Extroverts and introverts: We’re all relevant

Can't we all just get along?On June 15 Bobby Umar devoted his weekly Twitter conversation, #PoCchat (Power of Connection), to the question of how introverts can become “relevant to connection and leadership.”

I like #PoCchat a lot. Bobby picks great topics, and his thoughtful questions always spark good discussions. But I was taken aback by the thrust of his questions, as well as by some of the answers. Do people still think that introverts aren’t relevant?

Business writers have been devoting a lot of attention to the 30 to 40 percent of people who consider themselves introverts. Notably, Susan Cain’s Quiet Revolution — first a book, then a website, next (who knows?) maybe a major motion picture — uses personal stories to rebut the idea that introverts can’t succeed as leaders and as high-profile performers.

All of which prompted a somewhat, but not entirely, tongue-in-cheek rejoinder from leadership coach Jesse Lyn Stoner: Confessions of a Closet Extrovert: We Need a Champion, Too.

Yet with all the attention being paid to extroverts, introverts, and their roles in modern businesses, a few myths still need to be dispelled:

  • Extrovert and introvert aren’t synonyms for gregarious and shy. Instead, they indicate whether we tend be energized through interacting with other people or through solitude.
  • Extroversion and introversion aren’t either/or. Very few people are all extroverted or all introverted; most lie somewhere along a continuum. Unless we understand this, we risk sterotyping people when they self-identify as extroverts or introverts.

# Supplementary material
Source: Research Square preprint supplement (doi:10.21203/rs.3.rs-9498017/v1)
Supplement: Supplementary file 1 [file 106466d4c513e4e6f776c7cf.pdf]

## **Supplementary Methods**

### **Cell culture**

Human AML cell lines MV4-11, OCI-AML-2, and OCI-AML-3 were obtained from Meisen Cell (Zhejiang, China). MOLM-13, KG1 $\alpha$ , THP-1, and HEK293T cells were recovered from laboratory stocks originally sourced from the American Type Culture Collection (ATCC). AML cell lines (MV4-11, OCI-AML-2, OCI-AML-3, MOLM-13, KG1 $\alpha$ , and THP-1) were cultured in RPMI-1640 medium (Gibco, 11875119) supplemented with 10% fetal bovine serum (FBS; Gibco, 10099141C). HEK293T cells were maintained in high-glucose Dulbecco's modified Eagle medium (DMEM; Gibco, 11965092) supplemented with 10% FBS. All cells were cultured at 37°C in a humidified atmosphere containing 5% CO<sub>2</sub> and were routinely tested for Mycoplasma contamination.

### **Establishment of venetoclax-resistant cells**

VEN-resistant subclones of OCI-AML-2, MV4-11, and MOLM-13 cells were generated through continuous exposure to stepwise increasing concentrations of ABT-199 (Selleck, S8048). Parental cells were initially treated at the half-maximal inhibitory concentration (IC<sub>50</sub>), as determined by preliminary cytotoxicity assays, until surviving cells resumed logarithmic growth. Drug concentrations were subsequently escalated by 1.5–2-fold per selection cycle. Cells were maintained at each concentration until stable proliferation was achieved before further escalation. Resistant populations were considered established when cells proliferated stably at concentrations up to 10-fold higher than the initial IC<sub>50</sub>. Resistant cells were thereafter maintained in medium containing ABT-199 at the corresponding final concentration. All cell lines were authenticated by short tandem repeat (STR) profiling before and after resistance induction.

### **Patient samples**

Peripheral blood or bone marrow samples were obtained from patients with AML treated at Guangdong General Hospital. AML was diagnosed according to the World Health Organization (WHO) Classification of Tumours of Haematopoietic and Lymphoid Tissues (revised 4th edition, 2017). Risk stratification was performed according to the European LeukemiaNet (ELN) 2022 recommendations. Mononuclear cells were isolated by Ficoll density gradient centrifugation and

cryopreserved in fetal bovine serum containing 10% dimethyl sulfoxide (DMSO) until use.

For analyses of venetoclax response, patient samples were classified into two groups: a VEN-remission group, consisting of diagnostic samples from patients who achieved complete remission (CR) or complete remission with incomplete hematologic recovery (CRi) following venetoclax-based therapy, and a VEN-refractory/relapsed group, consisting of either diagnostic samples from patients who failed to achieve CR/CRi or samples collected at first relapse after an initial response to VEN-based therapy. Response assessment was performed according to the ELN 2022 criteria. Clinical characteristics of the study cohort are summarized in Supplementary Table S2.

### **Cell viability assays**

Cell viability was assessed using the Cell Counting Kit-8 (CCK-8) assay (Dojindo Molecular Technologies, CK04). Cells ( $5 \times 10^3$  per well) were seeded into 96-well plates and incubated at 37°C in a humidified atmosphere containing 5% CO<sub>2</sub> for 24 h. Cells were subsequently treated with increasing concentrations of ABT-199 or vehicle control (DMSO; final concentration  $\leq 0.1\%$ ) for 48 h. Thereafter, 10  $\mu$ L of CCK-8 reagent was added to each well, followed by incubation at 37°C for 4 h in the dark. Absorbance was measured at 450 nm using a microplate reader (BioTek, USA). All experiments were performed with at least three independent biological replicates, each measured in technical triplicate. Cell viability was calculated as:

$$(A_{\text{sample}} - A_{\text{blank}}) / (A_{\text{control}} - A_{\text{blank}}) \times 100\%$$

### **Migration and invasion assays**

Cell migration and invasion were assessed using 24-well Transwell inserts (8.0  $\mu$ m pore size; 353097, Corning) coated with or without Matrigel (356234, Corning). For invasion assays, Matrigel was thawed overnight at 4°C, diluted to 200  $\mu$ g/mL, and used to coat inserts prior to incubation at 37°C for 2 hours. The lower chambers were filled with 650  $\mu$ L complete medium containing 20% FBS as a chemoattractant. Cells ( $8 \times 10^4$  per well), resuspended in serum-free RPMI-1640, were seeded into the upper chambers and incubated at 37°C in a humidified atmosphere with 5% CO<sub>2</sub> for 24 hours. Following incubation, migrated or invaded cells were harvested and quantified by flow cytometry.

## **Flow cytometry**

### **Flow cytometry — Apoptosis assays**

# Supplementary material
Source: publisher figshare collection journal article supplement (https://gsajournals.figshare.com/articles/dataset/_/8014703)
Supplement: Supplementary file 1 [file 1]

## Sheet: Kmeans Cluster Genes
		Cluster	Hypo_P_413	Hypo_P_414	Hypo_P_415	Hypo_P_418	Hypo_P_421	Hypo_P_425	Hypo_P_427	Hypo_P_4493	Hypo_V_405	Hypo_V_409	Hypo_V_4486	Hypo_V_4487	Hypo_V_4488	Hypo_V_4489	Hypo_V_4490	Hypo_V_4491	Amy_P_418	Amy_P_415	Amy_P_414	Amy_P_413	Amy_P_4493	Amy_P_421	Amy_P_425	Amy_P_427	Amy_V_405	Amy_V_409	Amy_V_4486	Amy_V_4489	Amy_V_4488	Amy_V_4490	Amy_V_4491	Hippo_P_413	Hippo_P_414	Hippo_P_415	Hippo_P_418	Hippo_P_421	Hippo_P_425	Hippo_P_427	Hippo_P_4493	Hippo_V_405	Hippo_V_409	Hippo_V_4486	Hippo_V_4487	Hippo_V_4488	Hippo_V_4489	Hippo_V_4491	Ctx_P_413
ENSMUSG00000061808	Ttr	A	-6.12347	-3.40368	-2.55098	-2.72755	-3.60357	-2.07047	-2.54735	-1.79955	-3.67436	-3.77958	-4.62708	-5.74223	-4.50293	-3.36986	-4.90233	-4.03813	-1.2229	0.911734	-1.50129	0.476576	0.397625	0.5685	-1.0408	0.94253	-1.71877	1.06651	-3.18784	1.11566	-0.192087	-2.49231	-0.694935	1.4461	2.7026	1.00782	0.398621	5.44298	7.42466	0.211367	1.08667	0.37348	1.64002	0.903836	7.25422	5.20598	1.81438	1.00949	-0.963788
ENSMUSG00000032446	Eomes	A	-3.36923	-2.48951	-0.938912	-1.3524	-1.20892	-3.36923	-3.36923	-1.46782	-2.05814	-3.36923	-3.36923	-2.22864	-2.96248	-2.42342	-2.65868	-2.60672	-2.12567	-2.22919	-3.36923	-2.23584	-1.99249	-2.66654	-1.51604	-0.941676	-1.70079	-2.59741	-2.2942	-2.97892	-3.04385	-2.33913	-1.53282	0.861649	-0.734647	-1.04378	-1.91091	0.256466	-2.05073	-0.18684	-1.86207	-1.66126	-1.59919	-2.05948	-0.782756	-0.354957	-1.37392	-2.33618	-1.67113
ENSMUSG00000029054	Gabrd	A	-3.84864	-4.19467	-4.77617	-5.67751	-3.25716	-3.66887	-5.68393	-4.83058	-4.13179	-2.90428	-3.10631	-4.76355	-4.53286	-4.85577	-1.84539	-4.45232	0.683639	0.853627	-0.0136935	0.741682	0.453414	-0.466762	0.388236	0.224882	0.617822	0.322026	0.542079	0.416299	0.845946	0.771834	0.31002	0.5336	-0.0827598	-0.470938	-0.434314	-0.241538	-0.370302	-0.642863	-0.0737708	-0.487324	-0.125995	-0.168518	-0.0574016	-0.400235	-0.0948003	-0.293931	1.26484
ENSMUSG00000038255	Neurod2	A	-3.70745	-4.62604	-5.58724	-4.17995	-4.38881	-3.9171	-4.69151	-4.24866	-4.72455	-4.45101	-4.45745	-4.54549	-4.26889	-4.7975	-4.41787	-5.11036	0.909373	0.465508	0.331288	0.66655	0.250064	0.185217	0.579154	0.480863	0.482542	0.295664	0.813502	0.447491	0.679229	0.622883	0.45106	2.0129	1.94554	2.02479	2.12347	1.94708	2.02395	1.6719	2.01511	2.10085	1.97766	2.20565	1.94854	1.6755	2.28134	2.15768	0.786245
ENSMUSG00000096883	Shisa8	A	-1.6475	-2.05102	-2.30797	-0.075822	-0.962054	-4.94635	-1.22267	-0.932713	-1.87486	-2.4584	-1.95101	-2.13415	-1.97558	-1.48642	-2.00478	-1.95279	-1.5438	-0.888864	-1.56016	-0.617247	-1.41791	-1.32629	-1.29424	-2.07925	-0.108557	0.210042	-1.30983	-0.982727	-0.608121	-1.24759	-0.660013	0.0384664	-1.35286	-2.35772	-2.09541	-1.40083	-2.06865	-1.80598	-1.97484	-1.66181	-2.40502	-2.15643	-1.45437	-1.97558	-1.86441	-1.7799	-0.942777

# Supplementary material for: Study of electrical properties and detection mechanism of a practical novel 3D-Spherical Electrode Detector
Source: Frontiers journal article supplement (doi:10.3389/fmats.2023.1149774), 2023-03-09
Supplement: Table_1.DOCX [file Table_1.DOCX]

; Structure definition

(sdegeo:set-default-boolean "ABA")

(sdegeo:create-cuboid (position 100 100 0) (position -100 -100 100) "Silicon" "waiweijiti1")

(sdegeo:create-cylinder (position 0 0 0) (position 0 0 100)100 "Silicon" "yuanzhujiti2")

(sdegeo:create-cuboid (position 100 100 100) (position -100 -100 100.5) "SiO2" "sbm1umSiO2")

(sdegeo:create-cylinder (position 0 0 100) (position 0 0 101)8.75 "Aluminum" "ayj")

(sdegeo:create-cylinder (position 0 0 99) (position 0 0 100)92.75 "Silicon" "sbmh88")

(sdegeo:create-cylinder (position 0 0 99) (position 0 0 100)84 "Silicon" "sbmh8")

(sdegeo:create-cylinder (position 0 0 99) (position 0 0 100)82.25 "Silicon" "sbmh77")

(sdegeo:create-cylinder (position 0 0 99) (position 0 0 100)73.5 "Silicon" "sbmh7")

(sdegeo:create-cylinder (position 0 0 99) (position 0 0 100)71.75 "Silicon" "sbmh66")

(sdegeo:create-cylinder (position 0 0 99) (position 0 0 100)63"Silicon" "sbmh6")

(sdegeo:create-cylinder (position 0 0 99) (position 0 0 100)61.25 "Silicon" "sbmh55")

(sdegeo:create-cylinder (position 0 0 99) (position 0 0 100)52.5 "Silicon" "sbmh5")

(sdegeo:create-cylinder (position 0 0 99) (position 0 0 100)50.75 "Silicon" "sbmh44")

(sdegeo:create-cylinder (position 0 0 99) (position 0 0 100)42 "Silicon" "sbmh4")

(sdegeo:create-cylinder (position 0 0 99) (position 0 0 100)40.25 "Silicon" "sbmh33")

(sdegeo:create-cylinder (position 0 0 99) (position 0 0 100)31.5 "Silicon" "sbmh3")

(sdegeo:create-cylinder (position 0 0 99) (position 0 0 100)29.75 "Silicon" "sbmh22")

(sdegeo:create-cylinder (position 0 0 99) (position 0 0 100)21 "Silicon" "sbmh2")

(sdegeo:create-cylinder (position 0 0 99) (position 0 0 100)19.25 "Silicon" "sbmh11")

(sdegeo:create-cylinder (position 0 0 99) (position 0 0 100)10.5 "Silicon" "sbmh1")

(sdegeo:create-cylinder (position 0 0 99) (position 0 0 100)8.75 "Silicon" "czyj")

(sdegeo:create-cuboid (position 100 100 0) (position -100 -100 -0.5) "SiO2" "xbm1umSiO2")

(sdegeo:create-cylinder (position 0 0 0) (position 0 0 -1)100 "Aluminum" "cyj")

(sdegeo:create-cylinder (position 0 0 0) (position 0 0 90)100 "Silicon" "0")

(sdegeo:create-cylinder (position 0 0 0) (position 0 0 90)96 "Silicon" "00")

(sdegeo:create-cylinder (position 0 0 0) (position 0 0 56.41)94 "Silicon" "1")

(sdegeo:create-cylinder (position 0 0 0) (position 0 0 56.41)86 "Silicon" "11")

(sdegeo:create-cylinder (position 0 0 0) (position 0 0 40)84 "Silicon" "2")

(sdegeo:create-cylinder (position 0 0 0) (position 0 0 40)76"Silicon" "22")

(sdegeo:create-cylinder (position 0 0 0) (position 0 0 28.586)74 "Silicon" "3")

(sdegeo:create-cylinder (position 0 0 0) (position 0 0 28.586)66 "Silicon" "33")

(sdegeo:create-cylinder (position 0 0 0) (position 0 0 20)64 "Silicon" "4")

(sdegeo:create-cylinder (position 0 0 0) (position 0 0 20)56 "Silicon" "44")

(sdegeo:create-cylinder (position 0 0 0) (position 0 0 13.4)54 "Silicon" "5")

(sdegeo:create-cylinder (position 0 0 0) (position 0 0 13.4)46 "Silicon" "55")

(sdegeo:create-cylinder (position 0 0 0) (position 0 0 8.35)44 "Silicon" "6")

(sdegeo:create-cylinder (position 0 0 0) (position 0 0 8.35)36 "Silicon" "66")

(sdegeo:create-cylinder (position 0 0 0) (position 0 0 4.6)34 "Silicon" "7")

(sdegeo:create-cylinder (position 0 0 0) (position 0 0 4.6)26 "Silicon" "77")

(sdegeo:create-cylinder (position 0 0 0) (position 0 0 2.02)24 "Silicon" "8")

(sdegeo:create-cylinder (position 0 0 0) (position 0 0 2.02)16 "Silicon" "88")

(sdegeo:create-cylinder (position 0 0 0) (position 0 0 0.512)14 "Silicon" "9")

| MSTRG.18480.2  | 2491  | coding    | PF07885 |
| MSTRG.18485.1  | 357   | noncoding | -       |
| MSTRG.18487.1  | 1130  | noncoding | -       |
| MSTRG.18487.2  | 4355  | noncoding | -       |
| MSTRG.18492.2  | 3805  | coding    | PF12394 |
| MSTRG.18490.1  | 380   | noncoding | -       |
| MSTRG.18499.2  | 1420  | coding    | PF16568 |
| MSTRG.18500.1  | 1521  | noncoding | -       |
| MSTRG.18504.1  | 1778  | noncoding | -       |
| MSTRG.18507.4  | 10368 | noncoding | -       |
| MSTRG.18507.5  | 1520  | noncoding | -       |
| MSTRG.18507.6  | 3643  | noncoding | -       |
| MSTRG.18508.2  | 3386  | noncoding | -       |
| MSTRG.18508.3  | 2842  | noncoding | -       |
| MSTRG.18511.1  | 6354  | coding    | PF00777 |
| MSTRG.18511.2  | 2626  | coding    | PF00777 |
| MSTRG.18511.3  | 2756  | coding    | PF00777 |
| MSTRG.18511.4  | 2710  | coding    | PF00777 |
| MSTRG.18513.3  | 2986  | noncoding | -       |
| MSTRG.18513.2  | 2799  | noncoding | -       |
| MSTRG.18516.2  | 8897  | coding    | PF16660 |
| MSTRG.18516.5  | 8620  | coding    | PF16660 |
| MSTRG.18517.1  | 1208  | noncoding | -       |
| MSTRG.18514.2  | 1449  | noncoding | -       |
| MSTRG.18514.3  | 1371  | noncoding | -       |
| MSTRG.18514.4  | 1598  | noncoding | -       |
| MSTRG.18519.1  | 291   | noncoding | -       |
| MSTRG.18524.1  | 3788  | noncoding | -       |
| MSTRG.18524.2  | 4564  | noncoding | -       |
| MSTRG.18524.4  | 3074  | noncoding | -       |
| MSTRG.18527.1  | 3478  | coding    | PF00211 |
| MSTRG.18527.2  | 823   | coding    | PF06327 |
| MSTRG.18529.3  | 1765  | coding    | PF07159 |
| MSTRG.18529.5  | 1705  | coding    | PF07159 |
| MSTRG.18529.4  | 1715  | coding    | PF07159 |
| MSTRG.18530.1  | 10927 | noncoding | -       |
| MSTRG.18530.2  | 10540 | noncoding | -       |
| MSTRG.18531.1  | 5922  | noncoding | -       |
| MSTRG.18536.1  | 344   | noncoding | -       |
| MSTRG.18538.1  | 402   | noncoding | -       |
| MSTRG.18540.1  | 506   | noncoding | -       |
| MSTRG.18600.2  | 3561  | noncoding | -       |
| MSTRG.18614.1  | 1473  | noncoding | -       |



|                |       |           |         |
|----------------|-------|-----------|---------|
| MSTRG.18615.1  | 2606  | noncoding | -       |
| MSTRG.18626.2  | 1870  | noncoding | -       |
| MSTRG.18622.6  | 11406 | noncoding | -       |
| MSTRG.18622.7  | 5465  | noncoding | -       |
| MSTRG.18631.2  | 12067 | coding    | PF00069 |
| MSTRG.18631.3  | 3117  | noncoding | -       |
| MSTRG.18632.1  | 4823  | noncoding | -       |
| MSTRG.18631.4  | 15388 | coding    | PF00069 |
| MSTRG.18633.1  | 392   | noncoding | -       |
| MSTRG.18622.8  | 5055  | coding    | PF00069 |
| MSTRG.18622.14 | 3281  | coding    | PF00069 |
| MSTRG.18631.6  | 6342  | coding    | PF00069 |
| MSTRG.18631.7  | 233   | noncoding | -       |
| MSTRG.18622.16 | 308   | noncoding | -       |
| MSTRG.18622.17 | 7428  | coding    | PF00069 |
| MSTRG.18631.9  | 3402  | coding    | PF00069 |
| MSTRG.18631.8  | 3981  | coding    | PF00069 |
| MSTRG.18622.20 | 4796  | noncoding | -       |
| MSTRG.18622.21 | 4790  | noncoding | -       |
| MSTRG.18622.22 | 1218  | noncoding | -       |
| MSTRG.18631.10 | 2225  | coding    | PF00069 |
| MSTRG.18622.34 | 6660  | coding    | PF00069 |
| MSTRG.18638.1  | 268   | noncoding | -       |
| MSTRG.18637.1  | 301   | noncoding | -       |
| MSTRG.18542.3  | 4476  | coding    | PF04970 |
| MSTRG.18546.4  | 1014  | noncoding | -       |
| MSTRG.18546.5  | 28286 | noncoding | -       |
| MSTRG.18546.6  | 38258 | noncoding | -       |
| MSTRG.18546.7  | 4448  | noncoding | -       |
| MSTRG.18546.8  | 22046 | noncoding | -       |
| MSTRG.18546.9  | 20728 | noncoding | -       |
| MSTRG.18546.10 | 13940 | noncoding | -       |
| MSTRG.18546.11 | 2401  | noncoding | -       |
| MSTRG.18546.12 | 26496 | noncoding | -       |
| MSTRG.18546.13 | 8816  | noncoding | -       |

• Extroverts and introverts aren’t at war with each other.

I want to emphasize the last point.

When introverts increase their participation and become more comfortable in leadership roles, it doesn’t mean the extroverts will get pushed out of the way. Instead, it means that everyone on the team benefits from having more participants and better leaders.

When introverts learn how to thrive on a team full of extroverts, it makes the team stronger. If the extroverts have been frustrated by working with the introverts (like Jesse was), their frustration actually dissipates.

The world of business is big enough for both extroverts and introverts, for people on every point along the continuum. We shouldn’t try to compete with each other. Instead we should reach across the divide: seeking to understand each other and appreciating each other’s strengths. In the end everyone works more effectively.

What do you think? Have you tried to reach across the extrovert/introvert divide? If so, what happened?

Image credit: http://www.rudebaguette.com/

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